Where do we draw the line in boundary disputes?

21 Apr 2017

The Property Boundaries (Resolution of Disputes) Bill has been sent to the committee stage at the House of Lords for consideration after being read for a second time in December last year. The Bill proposes a new dispute resolution procedure for boundary and rights of way disputes with a view to reducing time and costs. It is modelled on that currently used in party wall disputes.

Boundary disputes are seldom solely about the boundary. These disputes are renowned for attracting legal fees which extend far beyond the proportionality of the land in dispute. It is not uncommon for these neighbourly disputes to arise out of a point of principle which lead to deep-rooted and entrenched positions as ‘every Englishman’s home is his castle’.

When the case eventually lands in front of a judge, it is not unusual to see the parties reprimanded for not taking a sensible approach without recourse to the courts. These disputes are often time-consuming and expensive affairs for courts and parties alike.

The Bill would enable a neighbour to serve notice to a neighbour/beneficiary with a plan illustrating the purported extent of the boundary/right of way. If consent is not given within 14 days then the parties appoint an agreed joint surveyor who can make a decision  and settle the dispute ‘on the ground’. The parties have 28 days to appeal to the High Court or else the finding will be deemed conclusive. 

However, commentators have noted that the Bill does not appear to take into account the complexity of boundary disputes which often involve a number of legal issues which fall outside the remit of a lone surveyor.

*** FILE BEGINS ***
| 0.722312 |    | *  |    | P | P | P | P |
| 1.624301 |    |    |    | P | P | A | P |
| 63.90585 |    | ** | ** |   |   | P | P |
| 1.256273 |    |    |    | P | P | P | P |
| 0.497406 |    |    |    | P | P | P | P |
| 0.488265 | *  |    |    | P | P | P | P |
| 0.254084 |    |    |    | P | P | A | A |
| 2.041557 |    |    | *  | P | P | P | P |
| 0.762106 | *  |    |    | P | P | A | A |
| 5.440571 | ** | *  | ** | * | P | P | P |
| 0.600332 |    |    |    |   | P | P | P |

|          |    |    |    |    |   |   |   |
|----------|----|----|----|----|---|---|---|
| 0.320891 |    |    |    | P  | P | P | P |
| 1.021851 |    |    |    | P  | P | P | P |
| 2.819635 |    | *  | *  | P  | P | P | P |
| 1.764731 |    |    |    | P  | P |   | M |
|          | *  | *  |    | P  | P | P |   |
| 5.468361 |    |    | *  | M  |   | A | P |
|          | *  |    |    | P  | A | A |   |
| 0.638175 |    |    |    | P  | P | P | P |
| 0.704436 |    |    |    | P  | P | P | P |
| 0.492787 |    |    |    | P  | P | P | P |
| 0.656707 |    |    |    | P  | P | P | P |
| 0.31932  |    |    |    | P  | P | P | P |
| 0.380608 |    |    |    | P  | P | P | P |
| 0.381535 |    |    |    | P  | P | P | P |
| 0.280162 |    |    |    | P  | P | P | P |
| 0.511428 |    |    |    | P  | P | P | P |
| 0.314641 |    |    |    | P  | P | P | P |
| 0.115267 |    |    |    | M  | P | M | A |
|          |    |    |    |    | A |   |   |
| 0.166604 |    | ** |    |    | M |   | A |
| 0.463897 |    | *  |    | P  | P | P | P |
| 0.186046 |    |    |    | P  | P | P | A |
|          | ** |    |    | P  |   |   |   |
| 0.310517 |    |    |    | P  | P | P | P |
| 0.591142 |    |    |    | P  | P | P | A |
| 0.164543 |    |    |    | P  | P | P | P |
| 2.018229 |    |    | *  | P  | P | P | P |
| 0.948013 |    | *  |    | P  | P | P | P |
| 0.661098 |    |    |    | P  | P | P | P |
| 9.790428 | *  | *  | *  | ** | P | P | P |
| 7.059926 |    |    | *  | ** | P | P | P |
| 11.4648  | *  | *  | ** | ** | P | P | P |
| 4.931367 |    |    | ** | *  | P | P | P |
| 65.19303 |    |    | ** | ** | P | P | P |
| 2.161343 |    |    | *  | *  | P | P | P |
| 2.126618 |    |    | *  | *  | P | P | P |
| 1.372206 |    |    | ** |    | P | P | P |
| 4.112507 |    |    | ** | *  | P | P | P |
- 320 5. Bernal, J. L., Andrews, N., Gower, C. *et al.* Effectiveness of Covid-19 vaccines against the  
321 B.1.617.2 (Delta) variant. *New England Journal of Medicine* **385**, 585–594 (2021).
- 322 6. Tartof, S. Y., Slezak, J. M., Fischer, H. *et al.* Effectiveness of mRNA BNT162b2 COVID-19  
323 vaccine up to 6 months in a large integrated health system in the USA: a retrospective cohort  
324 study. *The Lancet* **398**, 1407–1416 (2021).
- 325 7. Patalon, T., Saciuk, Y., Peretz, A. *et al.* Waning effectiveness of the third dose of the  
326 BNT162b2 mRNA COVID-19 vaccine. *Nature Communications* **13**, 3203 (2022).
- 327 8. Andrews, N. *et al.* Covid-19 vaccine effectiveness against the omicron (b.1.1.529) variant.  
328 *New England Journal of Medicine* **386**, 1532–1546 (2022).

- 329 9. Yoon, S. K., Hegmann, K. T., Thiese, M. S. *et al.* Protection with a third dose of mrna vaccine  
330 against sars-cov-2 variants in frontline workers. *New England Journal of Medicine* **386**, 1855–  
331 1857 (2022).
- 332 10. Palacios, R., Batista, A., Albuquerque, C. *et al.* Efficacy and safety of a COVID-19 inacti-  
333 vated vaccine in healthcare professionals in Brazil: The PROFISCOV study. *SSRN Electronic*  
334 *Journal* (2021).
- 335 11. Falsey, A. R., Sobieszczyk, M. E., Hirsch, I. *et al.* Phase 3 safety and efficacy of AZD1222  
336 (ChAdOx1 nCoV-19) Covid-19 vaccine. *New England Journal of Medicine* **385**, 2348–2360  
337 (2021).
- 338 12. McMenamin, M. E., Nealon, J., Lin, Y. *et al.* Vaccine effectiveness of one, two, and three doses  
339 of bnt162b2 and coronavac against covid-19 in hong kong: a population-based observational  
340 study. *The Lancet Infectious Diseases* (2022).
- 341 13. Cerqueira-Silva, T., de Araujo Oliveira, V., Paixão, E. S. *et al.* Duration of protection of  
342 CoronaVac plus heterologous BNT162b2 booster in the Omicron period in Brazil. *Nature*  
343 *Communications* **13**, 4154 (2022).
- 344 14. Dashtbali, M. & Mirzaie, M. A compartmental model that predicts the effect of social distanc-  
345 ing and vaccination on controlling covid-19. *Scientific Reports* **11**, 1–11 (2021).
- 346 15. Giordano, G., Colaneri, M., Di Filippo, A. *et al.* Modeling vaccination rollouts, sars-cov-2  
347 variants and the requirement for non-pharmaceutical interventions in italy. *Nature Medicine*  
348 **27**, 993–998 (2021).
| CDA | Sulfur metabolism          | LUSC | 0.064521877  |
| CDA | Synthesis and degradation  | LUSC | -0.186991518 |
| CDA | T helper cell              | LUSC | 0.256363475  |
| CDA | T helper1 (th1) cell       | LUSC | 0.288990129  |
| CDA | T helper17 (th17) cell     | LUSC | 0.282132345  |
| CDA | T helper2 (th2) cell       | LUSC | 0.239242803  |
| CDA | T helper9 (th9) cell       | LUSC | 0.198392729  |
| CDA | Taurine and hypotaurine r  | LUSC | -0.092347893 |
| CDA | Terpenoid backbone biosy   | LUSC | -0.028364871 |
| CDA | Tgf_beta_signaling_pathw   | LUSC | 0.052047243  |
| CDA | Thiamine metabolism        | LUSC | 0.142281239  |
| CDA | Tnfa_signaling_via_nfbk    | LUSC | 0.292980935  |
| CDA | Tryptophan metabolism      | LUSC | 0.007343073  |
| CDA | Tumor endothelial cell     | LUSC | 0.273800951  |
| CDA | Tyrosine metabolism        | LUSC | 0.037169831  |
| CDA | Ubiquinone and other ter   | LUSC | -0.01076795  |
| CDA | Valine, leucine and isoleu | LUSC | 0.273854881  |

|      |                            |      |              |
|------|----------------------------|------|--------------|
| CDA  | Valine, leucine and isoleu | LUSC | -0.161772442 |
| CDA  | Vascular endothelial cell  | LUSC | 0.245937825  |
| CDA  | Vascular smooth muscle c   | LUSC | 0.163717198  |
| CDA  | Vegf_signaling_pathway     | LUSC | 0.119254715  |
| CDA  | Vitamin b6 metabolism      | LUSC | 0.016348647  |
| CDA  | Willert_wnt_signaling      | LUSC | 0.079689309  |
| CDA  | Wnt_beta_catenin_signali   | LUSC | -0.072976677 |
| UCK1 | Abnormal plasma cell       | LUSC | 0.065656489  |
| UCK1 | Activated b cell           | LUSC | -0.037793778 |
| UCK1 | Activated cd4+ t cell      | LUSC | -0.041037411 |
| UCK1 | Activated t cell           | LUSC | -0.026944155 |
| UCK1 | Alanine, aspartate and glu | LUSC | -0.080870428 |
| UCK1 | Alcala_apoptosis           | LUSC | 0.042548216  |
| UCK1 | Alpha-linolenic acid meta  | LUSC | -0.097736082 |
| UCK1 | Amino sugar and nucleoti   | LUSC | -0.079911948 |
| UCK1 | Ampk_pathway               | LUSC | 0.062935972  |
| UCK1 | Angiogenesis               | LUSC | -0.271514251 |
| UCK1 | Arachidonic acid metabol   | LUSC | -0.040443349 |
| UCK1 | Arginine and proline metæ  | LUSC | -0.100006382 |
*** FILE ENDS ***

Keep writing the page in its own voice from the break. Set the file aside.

The Bill only offers a bordered compulsory alternative dispute resolution with no inclusion of other methods such as mediation. Also, it appears that no consideration has been given to when a neighbourly landowner cannot be identified.

However, although met with criticism, the Bill is a welcome attempt to avoid acrimonious and costly court battles. We shall be keeping an ear to the ground over the next year to see how the Bill endures the amendment process of the committee stage.

Further reading

Remote working and home security

Blog, News & PR
With a large proportion of the workforce now working from home, security arrangements for home workers need to be addressed - Robert Ganpatsingh explains
Read more Read

Tenants take note: dilapidations damages to be subject to VAT

Blog, Legal Updates
Property expert Cheraine Williams explains why dilapidations could be about to get more expensive
Read more Read

Covid business interruption insurance payments due to small and medium companies

Blog, Legal Updates
Partner Jonathan Compton looks at the Supreme Court’s decision on business interruption insurance
Read more Read

DMH Stallard’s corporate team shortlisted for four awards

Blog, News & PR
Current Corporate Law Firm of the Year hoping to hold on to the title in 2021
Read more Read
  • Brighton Office

    1 Jubilee Street


    East Sussex

    BN1 1GE

  • Gatwick Office

    Griffin House

    135 High Street


    West Sussex

    RH10 1DQ

  • Guildford Office

    Wonersh House

    The Guildway

    Old Portsmouth Road



    GU3 1LR

  • Horsham Office

    Ridgeland House

    15 Carfax


    West Sussex

    RH12 1DY

  • London Office

    6 New Street Square

    New Fetter Lane


    EC4A 3BF

  • Get in touch